4 Self-Improvement Authors We’re Reading While the World Implodes

Jul. 21, 2020
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From left: Evy Poumpouras, Peter Kozodoy, Maria Konnikova, and Susanne Althoff. (Photo of Konnikova by Landon Speers; photo of Althoff by Joel Benjamin).

For better or for worse, social distancing has left plenty of time for self-examination, and with it, new opportunities for personal growth. Whether you’re looking to up your game at work, improve your relationships, or just build a little more confidence, these four Columbia alumni authors want to help.


Evy Poumpouras

Becoming Bulletproof: Protect Yourself, Read People, Influence Situations, and Live Fearlessly

As a special agent for the United States Secret Service, Evy Poumpouras ’18JRN protected Presidents George H. W. Bush, Bill Clinton, George W. Bush, and Barack Obama ’83CC. She served as a criminal investigator and as a special interrogator trained in the art of lie detection, and she won an award for valor for her role as a first responder on 9/11. But Poumpouras says that her most powerful weapon is something that everyone has in his or her arsenal — words. In her new book, she shows readers how to use effective communication to conquer fears, diffuse stressful situations, read people, and ultimately influence others to get what you want. Poumpouras says that controlling panic, preparing for any outcome, and careful listening are the keys to handling most problems — at the office, in a relationship, and even in a true crisis.

Quick take: “The best way to manage fear is preparation. It isn’t hiding from the things we’re afraid of — it’s facing them head-on, taking responsibility for our own safety, and giving ourselves the tools and knowledge we need to manage any situation that might come our way. It’s about confidence, personal strength, and self-sufficiency.”

 

Peter Kozodoy

Honest to Greatness: How Today's Greatest Leaders Use Brutal Honesty to Achieve Massive Success

Peter Kozodoy ’19BUS graduated from college in 2008, in the midst of a devastating worldwide recession. Improbably, he was able to build a thriving marketing firm, which now boasts a client list packed with Fortune 500 companies. The secret to his success? Kozodoy says it was his brutal, unrelenting honesty — and not just in how he dealt with his clients. Honesty, he writes, can take many forms, but perhaps what’s most important in business is learning to be honest with yourself — even if that means facing the fact that you might need to change your business model to keep up with a changing market, or with competition that is doing better. Now also a TEDx speaker and business coach, Kozodoy uses his first book to offer advice to companies looking to attract a new generation of consumers, and to his peers, who are looking to become leaders in another uncertain economy. In an era dominated by “fake news” and social-media cancel culture, Kozodoy preaches that transparency, facts, and a commitment to openness are more important than ever.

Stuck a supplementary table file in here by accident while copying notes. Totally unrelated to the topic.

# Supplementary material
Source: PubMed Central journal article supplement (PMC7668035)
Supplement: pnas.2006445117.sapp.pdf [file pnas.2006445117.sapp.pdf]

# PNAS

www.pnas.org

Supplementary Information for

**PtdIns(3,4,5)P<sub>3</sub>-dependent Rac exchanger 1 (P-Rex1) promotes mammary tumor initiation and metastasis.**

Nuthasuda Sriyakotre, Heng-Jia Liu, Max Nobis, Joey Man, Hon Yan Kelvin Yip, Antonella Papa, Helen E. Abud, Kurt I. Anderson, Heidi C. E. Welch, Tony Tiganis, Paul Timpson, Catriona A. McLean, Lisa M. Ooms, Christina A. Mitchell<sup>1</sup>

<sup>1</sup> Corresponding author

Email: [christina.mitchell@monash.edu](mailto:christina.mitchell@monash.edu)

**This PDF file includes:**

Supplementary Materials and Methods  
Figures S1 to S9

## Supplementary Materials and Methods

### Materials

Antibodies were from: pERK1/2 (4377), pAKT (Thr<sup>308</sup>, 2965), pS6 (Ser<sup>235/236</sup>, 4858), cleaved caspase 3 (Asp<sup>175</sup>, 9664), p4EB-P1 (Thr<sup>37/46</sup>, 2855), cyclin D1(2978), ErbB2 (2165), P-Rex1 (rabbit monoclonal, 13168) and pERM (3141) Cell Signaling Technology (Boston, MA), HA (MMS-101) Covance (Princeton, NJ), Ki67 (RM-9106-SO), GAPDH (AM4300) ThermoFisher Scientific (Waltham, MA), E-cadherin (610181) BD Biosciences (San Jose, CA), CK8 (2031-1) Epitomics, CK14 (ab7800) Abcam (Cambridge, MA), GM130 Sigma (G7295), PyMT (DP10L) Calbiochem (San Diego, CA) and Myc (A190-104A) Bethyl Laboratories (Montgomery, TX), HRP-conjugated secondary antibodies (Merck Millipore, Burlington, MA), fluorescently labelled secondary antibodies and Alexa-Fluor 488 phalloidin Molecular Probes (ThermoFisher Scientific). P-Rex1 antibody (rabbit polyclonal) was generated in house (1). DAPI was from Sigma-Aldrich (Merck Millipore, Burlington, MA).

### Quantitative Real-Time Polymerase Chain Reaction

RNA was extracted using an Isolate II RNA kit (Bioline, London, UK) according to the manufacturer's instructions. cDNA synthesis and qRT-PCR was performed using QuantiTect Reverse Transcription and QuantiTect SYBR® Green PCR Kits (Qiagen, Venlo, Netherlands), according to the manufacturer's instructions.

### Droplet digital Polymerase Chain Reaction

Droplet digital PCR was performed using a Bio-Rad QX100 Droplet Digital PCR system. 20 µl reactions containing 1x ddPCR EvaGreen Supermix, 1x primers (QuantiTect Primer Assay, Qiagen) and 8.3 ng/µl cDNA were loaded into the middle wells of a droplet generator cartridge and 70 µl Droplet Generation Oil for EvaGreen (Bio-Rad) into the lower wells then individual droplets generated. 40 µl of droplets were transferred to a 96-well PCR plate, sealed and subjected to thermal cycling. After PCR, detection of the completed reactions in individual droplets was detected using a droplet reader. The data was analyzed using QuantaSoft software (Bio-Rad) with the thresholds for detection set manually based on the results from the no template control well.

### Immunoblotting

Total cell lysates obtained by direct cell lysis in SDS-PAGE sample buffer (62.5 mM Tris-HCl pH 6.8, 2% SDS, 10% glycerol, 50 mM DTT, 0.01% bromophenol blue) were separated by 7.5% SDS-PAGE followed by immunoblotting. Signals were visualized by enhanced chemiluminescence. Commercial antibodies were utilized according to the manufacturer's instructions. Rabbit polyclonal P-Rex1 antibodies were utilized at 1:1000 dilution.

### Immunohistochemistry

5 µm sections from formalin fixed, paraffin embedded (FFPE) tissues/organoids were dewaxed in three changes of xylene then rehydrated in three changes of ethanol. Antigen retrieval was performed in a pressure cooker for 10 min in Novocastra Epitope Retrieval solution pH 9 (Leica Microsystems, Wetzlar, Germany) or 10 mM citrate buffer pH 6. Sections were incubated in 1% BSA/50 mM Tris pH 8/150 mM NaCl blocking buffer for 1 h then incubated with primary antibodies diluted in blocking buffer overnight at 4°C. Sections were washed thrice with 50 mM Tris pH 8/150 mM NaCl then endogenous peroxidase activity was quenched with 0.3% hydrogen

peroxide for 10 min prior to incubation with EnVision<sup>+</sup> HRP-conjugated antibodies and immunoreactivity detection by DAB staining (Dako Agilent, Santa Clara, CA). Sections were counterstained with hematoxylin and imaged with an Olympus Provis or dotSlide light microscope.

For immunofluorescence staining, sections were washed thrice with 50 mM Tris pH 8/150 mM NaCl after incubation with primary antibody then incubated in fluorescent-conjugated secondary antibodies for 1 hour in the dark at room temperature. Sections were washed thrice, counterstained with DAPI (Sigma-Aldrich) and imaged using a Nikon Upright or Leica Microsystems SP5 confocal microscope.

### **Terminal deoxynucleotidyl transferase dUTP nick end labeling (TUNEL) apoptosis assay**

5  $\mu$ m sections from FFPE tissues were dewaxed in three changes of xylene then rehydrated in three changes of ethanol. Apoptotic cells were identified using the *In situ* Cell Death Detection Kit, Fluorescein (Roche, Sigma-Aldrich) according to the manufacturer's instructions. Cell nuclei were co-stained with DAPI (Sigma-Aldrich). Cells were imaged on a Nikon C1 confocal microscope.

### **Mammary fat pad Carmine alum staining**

Quick take: “It turns out that all the MBAs, cash flow analyses, marketing tactics, and complex consulting strategies in the world can’t save an organization that is fundamentally dishonest in the first place.”

 

Maria Konnikova

The Biggest Bluff: How I Learned to Pay Attention, Master Myself, and Win

Most poker champions start playing because they want quick money. But for Maria Konnikova ’13GSAS, a best-selling author with a PhD in psychology, poker is a way to understand human behavior. Konnikova started out studying poker legend Erik Seidel as research for a book but ended up becoming interested in playing herself — and found that she was good at it. Now a full-time professional poker player with over $200,000 in winnings to her name, Konnikova shares some of what she’s learned along the way — lessons that she says are applicable beyond the casino. Konnikova, who studied game theory at Columbia along with psychology, is fascinated by the “ineffable balance between skill and chance” that governs both poker and life in general. She found that while anyone can be either lucky or unlucky in a single hand of poker, “luck is a short-term friend or foe,” and those players who learn from their experiences end up being successful overall.

Quick take: “Poker teaches you how and when you can take true control — and how you can deal with the elements of pure luck — in a way no other environment I’ve encountered has quite been able to do. What’s more, in an age of omnipresent distraction, poker reminds us just how critical close observation and presence are to achievement and success.”

 

Susanne Althoff

Launching While Female: Smashing the System That Holds Women Entrepreneurs Back

The startup economy is still hot, but women entrepreneurs receive only 3 percent of venture-capital investments. Plus, many women entrepreneurs are pigeonholed into industries serving stereotypically female occupations — like pregnancy and parenting. For her new book, journalist Susanne Althoff ’93JRN interviewed more than one hundred female and nonbinary entrepreneurs. She outlines some of the particular challenges they face, such as a lack of mentorship, an inability to be taken seriously by investors, sexual harassment, and impossibly high standards for their leadership (what would happen, Althoff asks, if a female CEO behaved like Elon Musk?). But Althoff is optimistic about the future and offers practical solutions for women looking to get ahead in the business world.

Quick take: “Women are missing from the entrepreneurial space. They own fewer companies than men, and those businesses have access to significantly less start-up capital, make significantly less revenue, and employ far fewer people. An entrepreneurial gender gap exists, and it leaves us with fewer jobs, a weaker economy, and less innovation. Building a start-up world that’s open and inclusive would benefit us all.”